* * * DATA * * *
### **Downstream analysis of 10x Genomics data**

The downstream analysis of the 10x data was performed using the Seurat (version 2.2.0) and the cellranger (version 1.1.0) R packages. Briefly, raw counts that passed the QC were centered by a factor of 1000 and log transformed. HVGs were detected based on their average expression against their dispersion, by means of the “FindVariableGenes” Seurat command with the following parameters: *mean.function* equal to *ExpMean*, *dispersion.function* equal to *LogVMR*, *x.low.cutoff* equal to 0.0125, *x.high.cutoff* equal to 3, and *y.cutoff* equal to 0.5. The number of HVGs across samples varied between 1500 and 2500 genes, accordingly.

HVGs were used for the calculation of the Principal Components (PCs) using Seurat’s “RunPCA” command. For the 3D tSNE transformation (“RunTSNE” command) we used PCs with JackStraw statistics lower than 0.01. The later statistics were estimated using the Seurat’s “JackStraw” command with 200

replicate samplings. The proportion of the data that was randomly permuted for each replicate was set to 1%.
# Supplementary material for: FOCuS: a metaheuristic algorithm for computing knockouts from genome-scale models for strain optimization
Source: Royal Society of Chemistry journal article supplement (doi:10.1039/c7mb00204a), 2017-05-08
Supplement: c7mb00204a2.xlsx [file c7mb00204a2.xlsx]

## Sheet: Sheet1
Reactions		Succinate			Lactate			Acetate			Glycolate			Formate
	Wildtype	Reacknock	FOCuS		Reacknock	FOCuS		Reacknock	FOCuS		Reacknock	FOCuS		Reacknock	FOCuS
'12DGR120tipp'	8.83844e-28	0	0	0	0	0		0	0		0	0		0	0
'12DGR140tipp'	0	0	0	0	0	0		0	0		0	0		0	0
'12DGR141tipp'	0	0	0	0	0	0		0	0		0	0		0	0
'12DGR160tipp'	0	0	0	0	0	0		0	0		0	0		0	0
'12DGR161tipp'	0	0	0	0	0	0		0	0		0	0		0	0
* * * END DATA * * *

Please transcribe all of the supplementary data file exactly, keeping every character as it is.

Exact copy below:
### **Downstream analysis of 10x Genomics data**

The downstream analysis of the 10x data was performed using the Seurat (version 2.2.0) and the cellranger (version 1.1.0) R packages. Briefly, raw counts that passed the QC were centered by a factor of 1000 and log transformed. HVGs were detected based on their average expression against their dispersion, by means of the “FindVariableGenes” Seurat command with the following parameters: *mean.function* equal to *ExpMean*, *dispersion.function* equal to *LogVMR*, *x.low.cutoff* equal to 0.0125, *x.high.cutoff* equal to 3, and *y.cutoff* equal to 0.5. The number of HVGs across samples varied between 1500 and 2500 genes, accordingly.

HVGs were used for the calculation of the Principal Components (PCs) using Seurat’s “RunPCA” command. For the 3D tSNE transformation (“RunTSNE” command) we used PCs with JackStraw statistics lower than 0.01. The later statistics were estimated using the Seurat’s “JackStraw” command with 200

replicate samplings. The proportion of the data that was randomly permuted for each replicate was set to 1%.
# Supplementary material for: FOCuS: a metaheuristic algorithm for computing knockouts from genome-scale models for strain optimization
Source: Royal Society of Chemistry journal article supplement (doi:10.1039/c7mb00204a), 2017-05-08
Supplement: c7mb00204a2.xlsx [file c7mb00204a2.xlsx]

## Sheet: Sheet1
Reactions		Succinate			Lactate			Acetate			Glycolate			Formate
	Wildtype	Reacknock	FOCuS		Reacknock	FOCuS		Reacknock	FOCuS		Reacknock	FOCuS		Reacknock	FOCuS
'12DGR120tipp'	8.83844e-28	0	0	0	0	0		0	0		0	0		0	0
'12DGR140tipp'	0	0	0	0	0	0		0	0		0	0		0	0
'12DGR141tipp'	0	0	0	0	0	0		0	0		0	0		0	0
'12DGR160tipp'	0	0	0	0	0	0		0	0		0	0		0	0
'12DGR161tipp'	0	0	0	0	0	0		0	0		0	0		0	0